There is something vaguely familiar about Jamie Byrd's voice on Garden of Days but to tell the truth, at this point I could care less. Her pure, simple delivery and almost earthy spirituality reaches through the speakers and wraps around me like a warm blanket on a cold wintry night and all thoughts of comparison vanish. It is not just about the voice, as entrancing as it is. It is about the music, top to bottom. Albums like this do not just happen. They have to happen.
Byrd brings talent in abundance to the project, wearing the hats of singer, songwriter, instrumentalist, producer and probably go-fer to boot. The result is a collection of some of the most beautiful and haunting songs in recent years. If all she could do is sing, she would be worthy of attention, having that natural ability to take a song way over the top with her sometimes immaculate phrasing. If all she could do is write, she would have artists knocking on her door at every turn. And after hearing this, her production talents are obvious.
To get an idea, think Joan Baez during her Diamonds and Rust phase, only better. Think Sandy Denny during her Fotheringay days, only American. Think Judy Collins at the time of Wildflowers, only more inclusive of others. Think the softer side of Adrienne Young and Beth Amsel and even Jennifer Greer, all talents who deserve much more attention than they are getting. They have all hit peaks on their records which leave many speechless. Garden of Days is an album of such peaks. It is downright stunning at times and very very good throughout.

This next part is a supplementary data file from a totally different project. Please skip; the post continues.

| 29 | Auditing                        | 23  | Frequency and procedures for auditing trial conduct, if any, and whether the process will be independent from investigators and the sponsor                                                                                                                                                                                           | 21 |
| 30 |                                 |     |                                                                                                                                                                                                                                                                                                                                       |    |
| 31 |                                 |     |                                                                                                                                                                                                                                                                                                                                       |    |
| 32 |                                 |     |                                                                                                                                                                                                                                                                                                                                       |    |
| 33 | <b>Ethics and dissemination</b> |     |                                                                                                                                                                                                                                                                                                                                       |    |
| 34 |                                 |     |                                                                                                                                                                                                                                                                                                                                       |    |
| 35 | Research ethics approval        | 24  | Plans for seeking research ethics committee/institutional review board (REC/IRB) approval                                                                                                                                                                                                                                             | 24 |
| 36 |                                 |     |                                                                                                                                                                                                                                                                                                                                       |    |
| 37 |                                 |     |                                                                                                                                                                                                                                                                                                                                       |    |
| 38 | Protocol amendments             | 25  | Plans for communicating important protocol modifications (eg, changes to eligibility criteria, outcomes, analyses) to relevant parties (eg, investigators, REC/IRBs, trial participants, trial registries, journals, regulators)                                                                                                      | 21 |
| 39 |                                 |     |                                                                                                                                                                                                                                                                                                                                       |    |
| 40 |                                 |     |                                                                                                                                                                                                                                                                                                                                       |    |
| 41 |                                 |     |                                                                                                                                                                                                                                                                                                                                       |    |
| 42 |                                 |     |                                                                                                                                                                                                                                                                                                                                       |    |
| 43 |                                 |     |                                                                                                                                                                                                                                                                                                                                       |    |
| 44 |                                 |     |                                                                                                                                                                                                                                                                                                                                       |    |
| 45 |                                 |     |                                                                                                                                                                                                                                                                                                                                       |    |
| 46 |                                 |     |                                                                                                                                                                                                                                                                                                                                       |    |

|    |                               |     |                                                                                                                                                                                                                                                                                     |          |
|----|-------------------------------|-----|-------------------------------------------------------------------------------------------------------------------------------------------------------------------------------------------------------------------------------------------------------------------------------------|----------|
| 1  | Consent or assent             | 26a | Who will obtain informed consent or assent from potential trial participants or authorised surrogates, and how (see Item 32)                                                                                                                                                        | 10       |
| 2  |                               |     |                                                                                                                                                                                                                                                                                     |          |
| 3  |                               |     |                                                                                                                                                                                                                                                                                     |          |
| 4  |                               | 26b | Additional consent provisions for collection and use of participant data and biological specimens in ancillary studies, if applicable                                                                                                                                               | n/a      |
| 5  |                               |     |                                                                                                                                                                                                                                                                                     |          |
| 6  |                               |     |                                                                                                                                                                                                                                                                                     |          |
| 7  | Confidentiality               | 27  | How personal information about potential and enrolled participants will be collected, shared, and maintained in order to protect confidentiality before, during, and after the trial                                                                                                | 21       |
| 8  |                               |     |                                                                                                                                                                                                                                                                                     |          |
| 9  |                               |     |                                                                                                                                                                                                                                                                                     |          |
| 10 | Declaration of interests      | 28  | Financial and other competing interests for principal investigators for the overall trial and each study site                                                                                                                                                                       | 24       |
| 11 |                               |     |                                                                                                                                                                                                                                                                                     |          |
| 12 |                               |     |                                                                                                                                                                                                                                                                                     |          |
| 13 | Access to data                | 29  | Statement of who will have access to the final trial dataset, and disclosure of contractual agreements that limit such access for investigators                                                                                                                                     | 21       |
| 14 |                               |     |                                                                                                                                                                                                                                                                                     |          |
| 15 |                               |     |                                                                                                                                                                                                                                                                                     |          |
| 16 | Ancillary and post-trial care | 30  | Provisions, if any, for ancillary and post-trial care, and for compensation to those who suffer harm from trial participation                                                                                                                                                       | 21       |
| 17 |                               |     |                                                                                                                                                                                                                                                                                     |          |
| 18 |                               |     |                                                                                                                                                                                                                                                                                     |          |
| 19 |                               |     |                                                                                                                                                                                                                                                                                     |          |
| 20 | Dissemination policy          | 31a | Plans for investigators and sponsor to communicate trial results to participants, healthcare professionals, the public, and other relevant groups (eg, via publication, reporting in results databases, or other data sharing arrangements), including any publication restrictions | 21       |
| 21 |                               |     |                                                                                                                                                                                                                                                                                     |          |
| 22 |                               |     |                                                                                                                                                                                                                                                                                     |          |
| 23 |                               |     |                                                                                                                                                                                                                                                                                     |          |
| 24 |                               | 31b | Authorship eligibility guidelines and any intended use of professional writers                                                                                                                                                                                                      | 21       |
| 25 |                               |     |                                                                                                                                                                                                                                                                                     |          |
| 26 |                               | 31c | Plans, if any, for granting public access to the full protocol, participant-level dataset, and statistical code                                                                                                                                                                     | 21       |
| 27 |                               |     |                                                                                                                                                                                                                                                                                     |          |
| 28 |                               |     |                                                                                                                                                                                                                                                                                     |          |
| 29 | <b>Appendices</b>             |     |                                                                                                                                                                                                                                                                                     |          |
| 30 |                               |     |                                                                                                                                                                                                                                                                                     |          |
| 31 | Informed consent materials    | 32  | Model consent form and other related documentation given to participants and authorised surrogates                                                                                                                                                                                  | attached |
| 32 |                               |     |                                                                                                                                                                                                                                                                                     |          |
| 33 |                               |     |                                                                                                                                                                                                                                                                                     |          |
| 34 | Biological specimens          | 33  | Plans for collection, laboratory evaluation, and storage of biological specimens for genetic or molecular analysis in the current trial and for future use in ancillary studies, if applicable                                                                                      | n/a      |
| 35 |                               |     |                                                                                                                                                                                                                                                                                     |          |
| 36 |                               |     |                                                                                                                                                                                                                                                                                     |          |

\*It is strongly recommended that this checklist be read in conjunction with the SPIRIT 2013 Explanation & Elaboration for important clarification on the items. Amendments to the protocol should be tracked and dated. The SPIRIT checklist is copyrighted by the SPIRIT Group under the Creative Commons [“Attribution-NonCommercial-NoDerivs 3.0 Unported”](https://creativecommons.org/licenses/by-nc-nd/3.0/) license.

The stunning would include the one song toward which Byrd added only arrangement and voice, Scott Brown's I Found You, a light country-tinged ballad turned soft as heated butter thanks to Lorin Rowan's fitting harmony. Steve Fisher's ear-catching acoustic guitar leads into Gonna Build Me a Barn on which Byrd's voice rides high. In a Mirror reeks of early Joni Mitchell when melody and aura ruled her music. Taking songwriting liberties, Byrd steps out on Rain, a magnificent cloudy day dream turned magic. Ditto on Tumbleweed. Steve Fisher adds his Don Williams-textured voice to String of Pearls which works incredibly well with Byrd's clear, pure tones.
Byrd brought a plethora of musicians into the studio to produce this gem and they all deserve a solid pat on the back, especially Asher Fulero who sprinkles angel dust (not the drug) with his creative piano and Colm O'Riain who did the same with his violin. The real praise has to go to Jamie Byrd her own self, though, for having the sense to know her strengths and weakness as well as those of the musicians involved. This has to have turned out better than she'd hoped.
For reviewers, albums like Garden of Days present a real problem. By the time you've heard them enough to be able to write about them, you are already fast in love with them. It's just plain hard to be objective. No need to take my word, though. The album is available for sampling on CD Baby. A simple caveat: Byrd's songs are such that two minutes do not do them justice. They were written to be heard from beginning to end and they are good enough to deserve that. When you hear them, you'll understand.
Edited by: David N. Pyles
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